Welcome to the thirty sixth — and final — in a series of articles offering insights and tips to prepare money management firms for improving their abilities to out-market competitors and attract assets from sophisticated investors in the post-pandemic world.
What a Long, Strange Trip It’s Been
Back when the pandemic hit here in the U.S. in March 2020, it instantly became more challenging for investment management firms to navigate relationship building and passing through the due diligence gauntlet of sophisticated investors. For months investors froze and stopped nearly all money manager vetting activity.
Then, the pandemic’s impact triggered changes among the more educated, more savvy, institutional investors at family offices, endowments, foundations, plan sponsors and some wealth management firms: Changes as to what new points they were quizzing portfolio managers about. Changes in how tolerant for how long they were willing to be with the pitching investment management firms that did not deliver the transparency and detail being asked for as to how portfolio strategies were being run. Changes in how they were willing to handle contact and exchange information with money managers during a time when in-person meetings, let alone working from the office, were not an option.
If experienced, educated investors were going to become more skeptical and challenging of money managers during pandemic times, then asset raising was going to become even more competitive once there was some light at the end of the lockdown tunnel.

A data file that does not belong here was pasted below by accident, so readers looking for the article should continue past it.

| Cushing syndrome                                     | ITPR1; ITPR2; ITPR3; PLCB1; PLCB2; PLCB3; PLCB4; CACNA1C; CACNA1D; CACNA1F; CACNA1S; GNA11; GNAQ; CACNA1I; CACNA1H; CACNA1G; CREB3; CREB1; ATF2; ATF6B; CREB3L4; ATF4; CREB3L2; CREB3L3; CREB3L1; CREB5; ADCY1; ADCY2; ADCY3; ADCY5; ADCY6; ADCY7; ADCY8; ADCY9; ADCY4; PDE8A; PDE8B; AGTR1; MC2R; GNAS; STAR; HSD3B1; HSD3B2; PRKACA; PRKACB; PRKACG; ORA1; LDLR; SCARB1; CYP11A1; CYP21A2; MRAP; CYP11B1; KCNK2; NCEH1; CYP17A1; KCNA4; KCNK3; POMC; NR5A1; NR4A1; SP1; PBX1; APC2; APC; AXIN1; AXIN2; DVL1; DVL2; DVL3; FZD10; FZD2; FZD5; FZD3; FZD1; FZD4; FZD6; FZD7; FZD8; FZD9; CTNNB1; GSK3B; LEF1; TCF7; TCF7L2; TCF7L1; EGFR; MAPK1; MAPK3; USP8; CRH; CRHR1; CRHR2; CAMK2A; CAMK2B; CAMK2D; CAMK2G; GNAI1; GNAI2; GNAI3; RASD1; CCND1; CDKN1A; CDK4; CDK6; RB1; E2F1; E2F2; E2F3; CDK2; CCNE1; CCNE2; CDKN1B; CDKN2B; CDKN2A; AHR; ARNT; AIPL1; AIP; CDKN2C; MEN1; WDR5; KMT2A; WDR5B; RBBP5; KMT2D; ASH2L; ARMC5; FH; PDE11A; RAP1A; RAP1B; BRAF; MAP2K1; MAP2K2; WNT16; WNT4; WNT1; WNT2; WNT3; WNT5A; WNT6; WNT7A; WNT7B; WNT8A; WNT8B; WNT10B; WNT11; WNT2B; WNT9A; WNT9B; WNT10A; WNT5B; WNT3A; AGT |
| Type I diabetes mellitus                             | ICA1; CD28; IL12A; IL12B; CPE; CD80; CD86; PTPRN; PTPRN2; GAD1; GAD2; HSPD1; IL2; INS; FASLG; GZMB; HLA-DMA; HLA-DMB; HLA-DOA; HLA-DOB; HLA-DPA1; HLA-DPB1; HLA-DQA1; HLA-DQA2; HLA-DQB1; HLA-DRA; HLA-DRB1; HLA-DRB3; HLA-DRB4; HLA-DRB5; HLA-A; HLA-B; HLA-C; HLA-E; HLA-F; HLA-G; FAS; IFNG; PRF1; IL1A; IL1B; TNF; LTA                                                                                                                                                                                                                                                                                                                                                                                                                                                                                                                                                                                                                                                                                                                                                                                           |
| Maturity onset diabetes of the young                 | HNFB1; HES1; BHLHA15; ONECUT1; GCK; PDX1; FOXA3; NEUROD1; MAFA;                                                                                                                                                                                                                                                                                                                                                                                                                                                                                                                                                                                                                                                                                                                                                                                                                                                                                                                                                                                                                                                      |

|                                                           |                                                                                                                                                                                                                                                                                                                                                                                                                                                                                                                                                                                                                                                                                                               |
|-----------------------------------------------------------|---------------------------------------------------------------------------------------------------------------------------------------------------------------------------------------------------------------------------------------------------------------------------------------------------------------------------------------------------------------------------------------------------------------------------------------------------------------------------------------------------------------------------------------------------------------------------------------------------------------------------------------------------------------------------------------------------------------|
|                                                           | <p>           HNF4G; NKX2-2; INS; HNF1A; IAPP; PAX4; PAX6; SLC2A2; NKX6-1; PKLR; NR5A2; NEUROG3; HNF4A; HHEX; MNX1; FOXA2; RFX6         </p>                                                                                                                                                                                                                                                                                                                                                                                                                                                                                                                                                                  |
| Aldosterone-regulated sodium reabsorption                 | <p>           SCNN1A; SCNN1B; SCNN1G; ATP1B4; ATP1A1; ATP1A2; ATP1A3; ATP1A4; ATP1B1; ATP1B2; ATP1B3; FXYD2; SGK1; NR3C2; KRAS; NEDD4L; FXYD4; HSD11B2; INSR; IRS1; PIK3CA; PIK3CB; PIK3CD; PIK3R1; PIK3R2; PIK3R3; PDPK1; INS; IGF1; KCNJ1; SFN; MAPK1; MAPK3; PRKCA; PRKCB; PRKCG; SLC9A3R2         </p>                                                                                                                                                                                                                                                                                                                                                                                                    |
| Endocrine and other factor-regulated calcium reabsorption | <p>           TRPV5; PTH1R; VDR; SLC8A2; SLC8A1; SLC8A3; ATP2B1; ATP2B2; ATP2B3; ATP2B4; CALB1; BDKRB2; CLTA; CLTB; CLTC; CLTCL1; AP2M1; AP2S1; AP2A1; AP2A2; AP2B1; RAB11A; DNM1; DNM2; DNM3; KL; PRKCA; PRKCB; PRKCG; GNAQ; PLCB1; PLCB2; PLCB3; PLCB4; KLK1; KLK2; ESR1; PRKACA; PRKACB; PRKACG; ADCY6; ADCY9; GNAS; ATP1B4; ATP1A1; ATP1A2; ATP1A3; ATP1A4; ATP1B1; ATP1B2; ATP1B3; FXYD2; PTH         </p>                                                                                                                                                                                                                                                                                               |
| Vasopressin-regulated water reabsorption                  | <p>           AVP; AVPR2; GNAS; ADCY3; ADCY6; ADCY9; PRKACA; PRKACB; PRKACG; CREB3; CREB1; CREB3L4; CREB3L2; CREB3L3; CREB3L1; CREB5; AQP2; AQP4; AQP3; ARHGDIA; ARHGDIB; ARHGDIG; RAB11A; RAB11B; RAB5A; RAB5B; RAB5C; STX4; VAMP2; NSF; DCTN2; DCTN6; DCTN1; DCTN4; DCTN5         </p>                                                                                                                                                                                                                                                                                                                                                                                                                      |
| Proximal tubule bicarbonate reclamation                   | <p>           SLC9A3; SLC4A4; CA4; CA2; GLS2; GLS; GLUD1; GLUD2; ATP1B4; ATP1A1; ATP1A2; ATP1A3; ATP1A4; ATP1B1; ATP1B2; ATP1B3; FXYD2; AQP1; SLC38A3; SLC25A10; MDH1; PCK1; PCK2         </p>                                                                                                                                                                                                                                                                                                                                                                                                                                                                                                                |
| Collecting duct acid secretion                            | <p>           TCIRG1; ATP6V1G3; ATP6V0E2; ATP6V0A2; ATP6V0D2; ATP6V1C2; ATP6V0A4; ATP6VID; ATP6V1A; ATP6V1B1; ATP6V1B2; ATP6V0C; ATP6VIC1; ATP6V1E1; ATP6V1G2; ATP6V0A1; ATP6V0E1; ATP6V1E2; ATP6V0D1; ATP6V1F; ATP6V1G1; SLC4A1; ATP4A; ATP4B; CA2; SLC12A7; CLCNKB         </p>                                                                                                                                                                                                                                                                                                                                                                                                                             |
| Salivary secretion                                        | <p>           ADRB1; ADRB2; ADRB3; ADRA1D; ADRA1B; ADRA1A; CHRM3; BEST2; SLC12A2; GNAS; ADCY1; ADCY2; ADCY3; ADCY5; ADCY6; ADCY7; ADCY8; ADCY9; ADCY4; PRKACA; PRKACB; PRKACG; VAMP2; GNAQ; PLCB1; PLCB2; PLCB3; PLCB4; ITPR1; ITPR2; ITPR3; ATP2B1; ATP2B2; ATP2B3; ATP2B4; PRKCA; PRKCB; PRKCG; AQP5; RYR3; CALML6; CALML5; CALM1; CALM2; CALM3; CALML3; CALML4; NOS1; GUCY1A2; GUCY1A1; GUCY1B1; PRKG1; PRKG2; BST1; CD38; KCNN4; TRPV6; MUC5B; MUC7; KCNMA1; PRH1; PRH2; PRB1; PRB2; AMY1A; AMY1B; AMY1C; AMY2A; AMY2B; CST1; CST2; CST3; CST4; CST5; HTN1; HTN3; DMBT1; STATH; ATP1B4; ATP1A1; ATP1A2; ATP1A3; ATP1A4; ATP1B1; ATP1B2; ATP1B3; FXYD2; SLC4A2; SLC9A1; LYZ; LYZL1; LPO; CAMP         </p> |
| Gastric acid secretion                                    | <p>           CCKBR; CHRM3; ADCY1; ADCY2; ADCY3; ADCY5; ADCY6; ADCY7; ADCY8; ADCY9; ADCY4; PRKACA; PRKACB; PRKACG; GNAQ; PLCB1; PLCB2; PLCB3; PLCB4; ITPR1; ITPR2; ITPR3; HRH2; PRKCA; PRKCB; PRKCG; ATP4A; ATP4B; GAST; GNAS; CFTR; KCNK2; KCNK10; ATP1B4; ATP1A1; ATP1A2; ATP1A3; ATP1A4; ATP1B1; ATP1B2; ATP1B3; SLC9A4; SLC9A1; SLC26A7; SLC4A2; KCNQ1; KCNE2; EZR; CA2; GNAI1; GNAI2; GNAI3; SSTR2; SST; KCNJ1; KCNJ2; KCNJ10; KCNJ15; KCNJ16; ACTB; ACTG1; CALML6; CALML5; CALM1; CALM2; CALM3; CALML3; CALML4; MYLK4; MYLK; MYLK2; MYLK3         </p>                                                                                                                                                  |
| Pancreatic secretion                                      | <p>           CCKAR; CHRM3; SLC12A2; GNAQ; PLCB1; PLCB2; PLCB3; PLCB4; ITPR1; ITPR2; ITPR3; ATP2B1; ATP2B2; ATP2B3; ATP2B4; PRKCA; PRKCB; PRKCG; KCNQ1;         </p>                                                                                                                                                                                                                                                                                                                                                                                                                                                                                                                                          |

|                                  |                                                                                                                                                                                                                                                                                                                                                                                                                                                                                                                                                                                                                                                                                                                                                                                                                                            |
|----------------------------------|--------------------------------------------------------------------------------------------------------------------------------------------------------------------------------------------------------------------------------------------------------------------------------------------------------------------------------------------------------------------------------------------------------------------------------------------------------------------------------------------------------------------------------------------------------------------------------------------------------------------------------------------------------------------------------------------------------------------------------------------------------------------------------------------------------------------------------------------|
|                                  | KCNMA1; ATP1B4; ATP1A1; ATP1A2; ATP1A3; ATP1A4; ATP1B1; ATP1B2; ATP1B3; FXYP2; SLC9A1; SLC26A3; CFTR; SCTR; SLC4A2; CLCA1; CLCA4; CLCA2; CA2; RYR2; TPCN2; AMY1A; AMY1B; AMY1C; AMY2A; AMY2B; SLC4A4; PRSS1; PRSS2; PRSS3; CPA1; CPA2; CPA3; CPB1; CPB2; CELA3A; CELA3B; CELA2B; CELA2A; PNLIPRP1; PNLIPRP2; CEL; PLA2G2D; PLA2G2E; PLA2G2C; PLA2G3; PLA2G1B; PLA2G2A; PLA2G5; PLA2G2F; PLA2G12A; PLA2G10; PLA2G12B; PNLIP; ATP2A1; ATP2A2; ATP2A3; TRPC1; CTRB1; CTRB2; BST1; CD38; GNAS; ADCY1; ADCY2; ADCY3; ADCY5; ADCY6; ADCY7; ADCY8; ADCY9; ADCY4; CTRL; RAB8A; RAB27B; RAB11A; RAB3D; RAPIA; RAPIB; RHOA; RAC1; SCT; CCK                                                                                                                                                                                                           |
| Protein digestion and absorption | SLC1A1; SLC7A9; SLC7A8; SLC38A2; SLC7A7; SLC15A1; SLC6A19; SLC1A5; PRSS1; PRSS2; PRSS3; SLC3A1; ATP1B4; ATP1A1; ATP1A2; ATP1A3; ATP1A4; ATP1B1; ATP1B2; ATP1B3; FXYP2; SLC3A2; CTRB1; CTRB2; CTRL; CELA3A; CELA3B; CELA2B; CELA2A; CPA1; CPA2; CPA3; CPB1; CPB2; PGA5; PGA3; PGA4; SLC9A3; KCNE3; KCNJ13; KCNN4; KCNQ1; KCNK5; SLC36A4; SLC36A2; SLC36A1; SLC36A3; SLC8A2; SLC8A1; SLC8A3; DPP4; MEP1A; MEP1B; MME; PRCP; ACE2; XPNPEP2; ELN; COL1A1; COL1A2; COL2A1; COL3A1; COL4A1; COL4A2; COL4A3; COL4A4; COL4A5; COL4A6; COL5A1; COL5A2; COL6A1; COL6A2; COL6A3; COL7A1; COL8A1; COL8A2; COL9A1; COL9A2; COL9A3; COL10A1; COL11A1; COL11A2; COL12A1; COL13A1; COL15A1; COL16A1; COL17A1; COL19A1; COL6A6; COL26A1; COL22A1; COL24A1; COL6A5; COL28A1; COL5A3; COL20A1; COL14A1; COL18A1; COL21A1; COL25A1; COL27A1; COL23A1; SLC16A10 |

That is what led to the impetus behind this series of insights and tips from Frumerman & Nemeth Inc. to prepare money management firms for improving their abilities to out-market competitors and attract assets from sophisticated investors in the coming post-pandemic world.
Before we move on, I have a question for readers who are money management firm owners. What have you learned at your firm during Covid times regarding asset raising that you will be applying in the post-Covid world?
Here are some of the things I think that Covid should have taught you about fund marketing that you can use to improve how you handle your beyond-the-numbers communications in your asset raising efforts going forward.
“Nobody expects the Spanish Inquisition!”
Surprise! I’m starting the list with this Monty Python television show sketch from 1970 as it can help you remember not one but two key points. [If you’re not familiar with this comedy classic you’ll be able to find the video online.]
First point — You cannot predict each unexpected, rare event that may impact your portfolio but you will need to address them once they happen.
Sophisticated investors want portfolio managers to make timely evaluations as to when new news is significant enough to warrant prudent tweaking to your portfolio, or how it is run, and then communicate this clearly and with detail.
Just as the Monty Python sketch starts in one direction and then veers to a non-sequitur plotline change, so too did Covid seem to shift from some overseas, regional disturbance to a global threat. Generally speaking, hardly anyone expected the speed and magnitude of the global spread of health problems and its rapid impact on investment holdings of all types.
The number of portfolio managers who, before March 2020, predicted the impact of Covid coming to the U.S. and positioned their portfolios effectively to weather the coming market upheavals, and profit from the turmoil it brought, were very few and far between. (Trivia: One just happened to be a money manager who turned to my financial communications and sales marketing consulting firm for help. His challenge was to explain how this judgement call and selection of stocks came to be, and to also not set expectations so high that anyone would be left assuming he could repeat such an unpredictable investment home run the following year.)